Among the major paintings where the involvement of Leonardo is questioned are “La belle Ferronière” (Louvre), the “Litta Madonna” (Hermitage) and the “Virgin of the rocks” (National Gallery). Other pictures accepted by some respected scholars but excluded from Kemp’s list include “Head of a girl” (Galleria Nazionale, Parma), “Tobias and the Angel” and “Madonna and Child with a pomegranate” (with Verrocchio) (both National Gallery of Art, Washington).
The aim of the Universal Leonardo Project is not primarily to focus on attribution, but more importantly to examine the artist’s technique. The major tool is infra-red reflectography, which makes it possible to see the underdrawing. Modern scanning devices also allow an examination of paint layers, which would determine how far Leonardo painted on a white lead layer. It would also be particularly important to examine the two versions of the “Virgin of the rocks”, those at the Louvre and the National Gallery, since some art historians see the work of assistants in the London picture.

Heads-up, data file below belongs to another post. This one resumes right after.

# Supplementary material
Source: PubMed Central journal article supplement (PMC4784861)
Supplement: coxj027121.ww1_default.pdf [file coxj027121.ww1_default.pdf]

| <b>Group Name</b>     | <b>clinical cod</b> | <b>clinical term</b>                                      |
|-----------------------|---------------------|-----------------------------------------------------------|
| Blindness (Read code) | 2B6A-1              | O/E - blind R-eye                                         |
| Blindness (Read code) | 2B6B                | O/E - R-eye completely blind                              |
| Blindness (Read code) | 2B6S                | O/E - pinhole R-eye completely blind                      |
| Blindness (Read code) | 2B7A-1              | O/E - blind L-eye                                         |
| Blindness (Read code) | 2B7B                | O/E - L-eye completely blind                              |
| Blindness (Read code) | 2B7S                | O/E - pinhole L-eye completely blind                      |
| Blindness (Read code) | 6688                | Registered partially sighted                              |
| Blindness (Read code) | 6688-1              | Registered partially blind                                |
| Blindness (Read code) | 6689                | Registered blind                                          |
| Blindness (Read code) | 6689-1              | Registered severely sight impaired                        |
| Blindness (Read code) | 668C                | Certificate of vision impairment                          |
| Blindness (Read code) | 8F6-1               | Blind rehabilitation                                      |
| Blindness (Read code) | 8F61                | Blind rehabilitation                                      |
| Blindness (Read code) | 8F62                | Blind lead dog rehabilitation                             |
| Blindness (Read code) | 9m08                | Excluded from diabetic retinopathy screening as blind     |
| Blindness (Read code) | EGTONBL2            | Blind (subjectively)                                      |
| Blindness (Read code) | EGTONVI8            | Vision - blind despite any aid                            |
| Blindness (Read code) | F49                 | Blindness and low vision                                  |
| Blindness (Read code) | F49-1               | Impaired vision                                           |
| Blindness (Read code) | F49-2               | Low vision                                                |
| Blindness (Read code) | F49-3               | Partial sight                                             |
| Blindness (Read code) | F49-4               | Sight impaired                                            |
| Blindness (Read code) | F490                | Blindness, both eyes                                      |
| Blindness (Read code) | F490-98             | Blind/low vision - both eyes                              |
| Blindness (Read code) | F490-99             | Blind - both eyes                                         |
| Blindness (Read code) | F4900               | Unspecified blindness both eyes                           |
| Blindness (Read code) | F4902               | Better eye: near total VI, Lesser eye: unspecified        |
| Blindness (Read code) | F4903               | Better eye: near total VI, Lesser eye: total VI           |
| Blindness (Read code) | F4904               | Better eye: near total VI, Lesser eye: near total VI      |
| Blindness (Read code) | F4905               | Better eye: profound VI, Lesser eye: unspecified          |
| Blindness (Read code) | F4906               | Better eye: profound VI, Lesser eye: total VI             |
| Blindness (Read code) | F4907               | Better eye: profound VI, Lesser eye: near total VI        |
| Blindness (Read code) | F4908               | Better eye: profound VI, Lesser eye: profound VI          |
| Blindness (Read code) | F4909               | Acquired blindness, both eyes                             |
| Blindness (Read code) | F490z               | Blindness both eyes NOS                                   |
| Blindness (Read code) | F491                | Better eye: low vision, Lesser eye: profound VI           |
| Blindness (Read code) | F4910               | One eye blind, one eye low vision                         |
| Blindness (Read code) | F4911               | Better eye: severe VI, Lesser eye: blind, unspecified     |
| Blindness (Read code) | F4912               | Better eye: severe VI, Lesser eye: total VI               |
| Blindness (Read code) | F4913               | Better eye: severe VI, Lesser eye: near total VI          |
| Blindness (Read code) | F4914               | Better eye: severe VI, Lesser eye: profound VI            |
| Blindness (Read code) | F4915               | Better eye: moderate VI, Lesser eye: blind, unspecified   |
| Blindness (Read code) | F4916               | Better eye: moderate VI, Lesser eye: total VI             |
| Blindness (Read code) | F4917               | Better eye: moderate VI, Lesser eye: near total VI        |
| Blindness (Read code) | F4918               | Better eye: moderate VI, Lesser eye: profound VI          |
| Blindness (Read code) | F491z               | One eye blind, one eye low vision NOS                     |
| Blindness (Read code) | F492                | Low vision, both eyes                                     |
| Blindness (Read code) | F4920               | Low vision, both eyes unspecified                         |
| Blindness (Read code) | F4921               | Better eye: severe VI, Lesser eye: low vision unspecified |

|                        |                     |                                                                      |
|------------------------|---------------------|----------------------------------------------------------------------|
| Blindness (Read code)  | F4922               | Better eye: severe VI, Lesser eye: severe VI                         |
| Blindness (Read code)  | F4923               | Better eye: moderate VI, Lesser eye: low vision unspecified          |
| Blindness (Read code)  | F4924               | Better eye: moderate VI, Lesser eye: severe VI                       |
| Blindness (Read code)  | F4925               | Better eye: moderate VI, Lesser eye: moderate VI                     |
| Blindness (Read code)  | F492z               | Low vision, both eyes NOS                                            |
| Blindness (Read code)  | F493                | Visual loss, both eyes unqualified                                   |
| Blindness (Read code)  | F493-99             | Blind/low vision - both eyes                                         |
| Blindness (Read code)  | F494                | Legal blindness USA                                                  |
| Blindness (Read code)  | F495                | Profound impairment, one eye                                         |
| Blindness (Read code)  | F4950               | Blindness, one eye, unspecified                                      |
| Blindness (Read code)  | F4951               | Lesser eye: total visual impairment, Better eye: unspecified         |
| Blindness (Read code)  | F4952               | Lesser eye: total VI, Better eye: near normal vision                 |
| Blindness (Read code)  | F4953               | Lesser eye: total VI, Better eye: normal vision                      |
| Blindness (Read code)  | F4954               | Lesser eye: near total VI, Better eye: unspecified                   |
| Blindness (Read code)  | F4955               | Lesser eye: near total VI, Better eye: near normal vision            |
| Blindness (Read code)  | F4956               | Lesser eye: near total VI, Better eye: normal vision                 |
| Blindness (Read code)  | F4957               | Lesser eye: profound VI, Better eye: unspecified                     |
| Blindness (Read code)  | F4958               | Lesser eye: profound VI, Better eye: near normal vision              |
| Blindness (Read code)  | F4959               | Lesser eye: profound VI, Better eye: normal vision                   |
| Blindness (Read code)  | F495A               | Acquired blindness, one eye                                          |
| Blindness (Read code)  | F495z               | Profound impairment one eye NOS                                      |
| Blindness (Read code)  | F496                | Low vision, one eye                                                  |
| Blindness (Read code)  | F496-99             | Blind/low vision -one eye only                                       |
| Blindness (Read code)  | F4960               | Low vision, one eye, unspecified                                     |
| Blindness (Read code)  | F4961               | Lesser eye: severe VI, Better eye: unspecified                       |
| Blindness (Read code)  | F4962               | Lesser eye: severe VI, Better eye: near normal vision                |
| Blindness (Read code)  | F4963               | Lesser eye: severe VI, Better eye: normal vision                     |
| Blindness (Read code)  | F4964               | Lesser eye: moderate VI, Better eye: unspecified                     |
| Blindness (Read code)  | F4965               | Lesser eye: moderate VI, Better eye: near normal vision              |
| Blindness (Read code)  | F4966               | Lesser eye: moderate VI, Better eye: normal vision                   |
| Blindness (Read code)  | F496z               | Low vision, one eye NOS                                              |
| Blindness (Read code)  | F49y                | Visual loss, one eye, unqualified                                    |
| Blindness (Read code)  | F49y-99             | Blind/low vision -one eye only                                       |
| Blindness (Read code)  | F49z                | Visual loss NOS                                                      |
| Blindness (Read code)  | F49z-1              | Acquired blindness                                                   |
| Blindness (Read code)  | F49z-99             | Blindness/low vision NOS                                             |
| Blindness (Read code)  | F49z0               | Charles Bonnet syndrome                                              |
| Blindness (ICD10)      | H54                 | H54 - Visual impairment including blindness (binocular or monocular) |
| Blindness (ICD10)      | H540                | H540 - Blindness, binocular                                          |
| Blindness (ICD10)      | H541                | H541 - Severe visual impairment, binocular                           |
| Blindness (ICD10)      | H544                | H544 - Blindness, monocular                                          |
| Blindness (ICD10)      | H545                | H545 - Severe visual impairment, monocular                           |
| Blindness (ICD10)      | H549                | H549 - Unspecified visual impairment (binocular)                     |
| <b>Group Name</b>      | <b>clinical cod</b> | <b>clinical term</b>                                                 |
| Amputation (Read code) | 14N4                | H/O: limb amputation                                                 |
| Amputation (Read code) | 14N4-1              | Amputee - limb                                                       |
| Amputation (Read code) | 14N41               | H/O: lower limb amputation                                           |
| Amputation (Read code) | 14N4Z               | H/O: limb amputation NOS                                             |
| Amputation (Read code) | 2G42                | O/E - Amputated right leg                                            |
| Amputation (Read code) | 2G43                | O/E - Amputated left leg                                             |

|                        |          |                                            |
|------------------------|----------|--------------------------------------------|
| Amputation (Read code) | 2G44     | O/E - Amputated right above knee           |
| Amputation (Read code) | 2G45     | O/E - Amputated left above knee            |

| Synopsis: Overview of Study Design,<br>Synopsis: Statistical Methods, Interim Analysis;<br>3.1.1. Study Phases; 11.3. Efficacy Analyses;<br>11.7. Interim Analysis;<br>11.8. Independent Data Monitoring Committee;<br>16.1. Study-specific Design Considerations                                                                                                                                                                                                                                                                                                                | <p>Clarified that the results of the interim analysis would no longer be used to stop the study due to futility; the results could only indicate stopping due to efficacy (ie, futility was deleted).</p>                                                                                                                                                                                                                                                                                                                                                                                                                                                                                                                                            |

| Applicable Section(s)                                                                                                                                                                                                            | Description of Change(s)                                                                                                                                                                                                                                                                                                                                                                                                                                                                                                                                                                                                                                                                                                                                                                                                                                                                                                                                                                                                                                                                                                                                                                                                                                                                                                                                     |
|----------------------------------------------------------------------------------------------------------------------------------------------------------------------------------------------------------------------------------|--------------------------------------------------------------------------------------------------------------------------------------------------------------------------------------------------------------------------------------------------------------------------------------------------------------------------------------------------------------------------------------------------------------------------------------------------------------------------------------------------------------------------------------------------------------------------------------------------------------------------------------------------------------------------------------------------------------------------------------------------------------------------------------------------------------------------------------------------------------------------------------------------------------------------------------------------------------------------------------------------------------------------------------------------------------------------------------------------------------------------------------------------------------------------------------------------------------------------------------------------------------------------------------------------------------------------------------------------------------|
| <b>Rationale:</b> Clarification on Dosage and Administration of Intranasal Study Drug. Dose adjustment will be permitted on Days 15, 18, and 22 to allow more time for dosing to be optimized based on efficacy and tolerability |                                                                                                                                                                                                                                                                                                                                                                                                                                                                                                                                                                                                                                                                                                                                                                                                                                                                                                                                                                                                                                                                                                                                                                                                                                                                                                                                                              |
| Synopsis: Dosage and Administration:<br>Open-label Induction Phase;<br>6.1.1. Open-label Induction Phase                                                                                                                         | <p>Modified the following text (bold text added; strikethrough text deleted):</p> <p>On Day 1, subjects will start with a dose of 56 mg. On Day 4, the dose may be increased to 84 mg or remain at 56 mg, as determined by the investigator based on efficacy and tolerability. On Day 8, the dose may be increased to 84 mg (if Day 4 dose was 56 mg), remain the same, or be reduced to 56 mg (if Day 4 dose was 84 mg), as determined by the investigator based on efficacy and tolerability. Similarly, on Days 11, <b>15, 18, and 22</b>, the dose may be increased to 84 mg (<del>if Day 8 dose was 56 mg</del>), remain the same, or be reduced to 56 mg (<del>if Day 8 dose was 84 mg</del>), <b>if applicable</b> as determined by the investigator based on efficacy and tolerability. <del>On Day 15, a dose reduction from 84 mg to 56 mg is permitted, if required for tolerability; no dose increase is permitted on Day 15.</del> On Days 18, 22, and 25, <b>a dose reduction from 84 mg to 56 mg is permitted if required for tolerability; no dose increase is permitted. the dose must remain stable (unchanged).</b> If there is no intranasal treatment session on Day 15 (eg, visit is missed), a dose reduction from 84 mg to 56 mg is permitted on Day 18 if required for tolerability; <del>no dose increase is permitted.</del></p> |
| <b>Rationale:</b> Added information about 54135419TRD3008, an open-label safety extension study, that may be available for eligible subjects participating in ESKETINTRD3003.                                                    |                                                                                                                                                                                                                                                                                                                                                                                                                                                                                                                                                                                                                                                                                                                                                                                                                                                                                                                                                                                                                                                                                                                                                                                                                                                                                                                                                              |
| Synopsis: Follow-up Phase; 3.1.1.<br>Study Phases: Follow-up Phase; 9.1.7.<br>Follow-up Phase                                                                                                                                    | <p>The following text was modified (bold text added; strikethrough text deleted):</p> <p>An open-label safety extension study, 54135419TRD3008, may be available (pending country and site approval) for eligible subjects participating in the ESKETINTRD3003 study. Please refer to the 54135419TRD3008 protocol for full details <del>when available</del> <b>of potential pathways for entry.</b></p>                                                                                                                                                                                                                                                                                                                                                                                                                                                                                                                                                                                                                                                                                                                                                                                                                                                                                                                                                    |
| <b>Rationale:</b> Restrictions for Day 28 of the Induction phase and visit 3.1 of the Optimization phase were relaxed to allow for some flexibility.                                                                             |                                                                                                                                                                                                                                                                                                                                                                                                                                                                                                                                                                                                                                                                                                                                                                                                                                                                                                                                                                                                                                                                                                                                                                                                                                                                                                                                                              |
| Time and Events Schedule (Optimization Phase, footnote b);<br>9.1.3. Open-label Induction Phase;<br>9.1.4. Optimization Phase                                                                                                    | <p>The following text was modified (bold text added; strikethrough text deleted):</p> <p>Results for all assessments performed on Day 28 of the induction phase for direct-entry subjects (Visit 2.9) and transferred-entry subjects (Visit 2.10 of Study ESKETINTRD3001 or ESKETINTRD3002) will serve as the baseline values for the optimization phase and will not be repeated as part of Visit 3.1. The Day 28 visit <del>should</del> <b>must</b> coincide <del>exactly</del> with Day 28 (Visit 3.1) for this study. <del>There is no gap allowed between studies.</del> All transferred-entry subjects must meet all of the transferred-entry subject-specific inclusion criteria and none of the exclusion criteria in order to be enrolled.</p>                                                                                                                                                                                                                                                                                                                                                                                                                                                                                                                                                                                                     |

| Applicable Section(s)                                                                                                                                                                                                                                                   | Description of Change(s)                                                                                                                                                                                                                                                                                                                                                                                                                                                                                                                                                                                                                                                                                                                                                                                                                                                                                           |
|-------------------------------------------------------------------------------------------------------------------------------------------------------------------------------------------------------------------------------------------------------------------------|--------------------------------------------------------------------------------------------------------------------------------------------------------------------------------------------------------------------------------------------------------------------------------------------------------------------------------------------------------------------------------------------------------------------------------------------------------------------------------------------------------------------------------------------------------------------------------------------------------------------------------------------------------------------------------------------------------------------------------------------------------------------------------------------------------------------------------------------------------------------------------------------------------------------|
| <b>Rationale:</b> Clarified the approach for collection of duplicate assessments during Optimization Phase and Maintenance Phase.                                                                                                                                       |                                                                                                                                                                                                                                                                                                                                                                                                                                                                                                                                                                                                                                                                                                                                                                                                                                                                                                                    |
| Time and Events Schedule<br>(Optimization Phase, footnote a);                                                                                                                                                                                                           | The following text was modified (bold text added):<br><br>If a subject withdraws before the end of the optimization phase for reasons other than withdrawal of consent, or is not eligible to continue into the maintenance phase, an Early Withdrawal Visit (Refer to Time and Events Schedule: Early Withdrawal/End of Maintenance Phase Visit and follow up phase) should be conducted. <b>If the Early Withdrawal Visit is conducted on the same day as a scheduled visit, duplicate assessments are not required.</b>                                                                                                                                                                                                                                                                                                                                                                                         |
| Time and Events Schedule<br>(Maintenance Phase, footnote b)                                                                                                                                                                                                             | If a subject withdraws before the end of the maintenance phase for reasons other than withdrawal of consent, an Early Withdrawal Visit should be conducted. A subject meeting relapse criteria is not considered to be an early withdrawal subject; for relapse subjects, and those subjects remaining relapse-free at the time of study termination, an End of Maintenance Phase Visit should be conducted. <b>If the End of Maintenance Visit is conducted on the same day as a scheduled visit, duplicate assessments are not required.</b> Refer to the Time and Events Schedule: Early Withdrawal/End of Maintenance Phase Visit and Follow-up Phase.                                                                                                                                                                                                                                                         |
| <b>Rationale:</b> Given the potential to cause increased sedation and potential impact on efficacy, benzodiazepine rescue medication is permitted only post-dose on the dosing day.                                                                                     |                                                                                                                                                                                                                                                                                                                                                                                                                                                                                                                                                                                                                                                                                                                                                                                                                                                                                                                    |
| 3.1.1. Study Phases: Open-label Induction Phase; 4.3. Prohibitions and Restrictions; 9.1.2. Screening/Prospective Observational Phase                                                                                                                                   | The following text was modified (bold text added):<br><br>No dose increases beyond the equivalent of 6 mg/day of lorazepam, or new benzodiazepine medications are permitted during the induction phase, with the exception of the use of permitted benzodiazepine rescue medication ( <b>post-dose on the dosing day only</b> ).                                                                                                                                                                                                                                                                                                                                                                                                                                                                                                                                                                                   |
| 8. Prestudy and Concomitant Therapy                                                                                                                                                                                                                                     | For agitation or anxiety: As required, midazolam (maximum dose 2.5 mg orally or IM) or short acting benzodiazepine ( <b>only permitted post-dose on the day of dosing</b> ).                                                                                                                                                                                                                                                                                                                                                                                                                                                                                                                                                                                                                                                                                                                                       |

Another lead which will be pursued is an investigation of fingerprints, which have been recently found on several Leonardo paintings. These include “St Jerome” (Vatican), “Virgin of the rocks” (National Gallery), “Ginevra de’ Benci” (National Gallery of Art) and “Lady with the ermine” (Czartoryski Museum). One theory is that Leonardo may have achieved some of his sfumato effect by using his fingers and hand on the wet paint.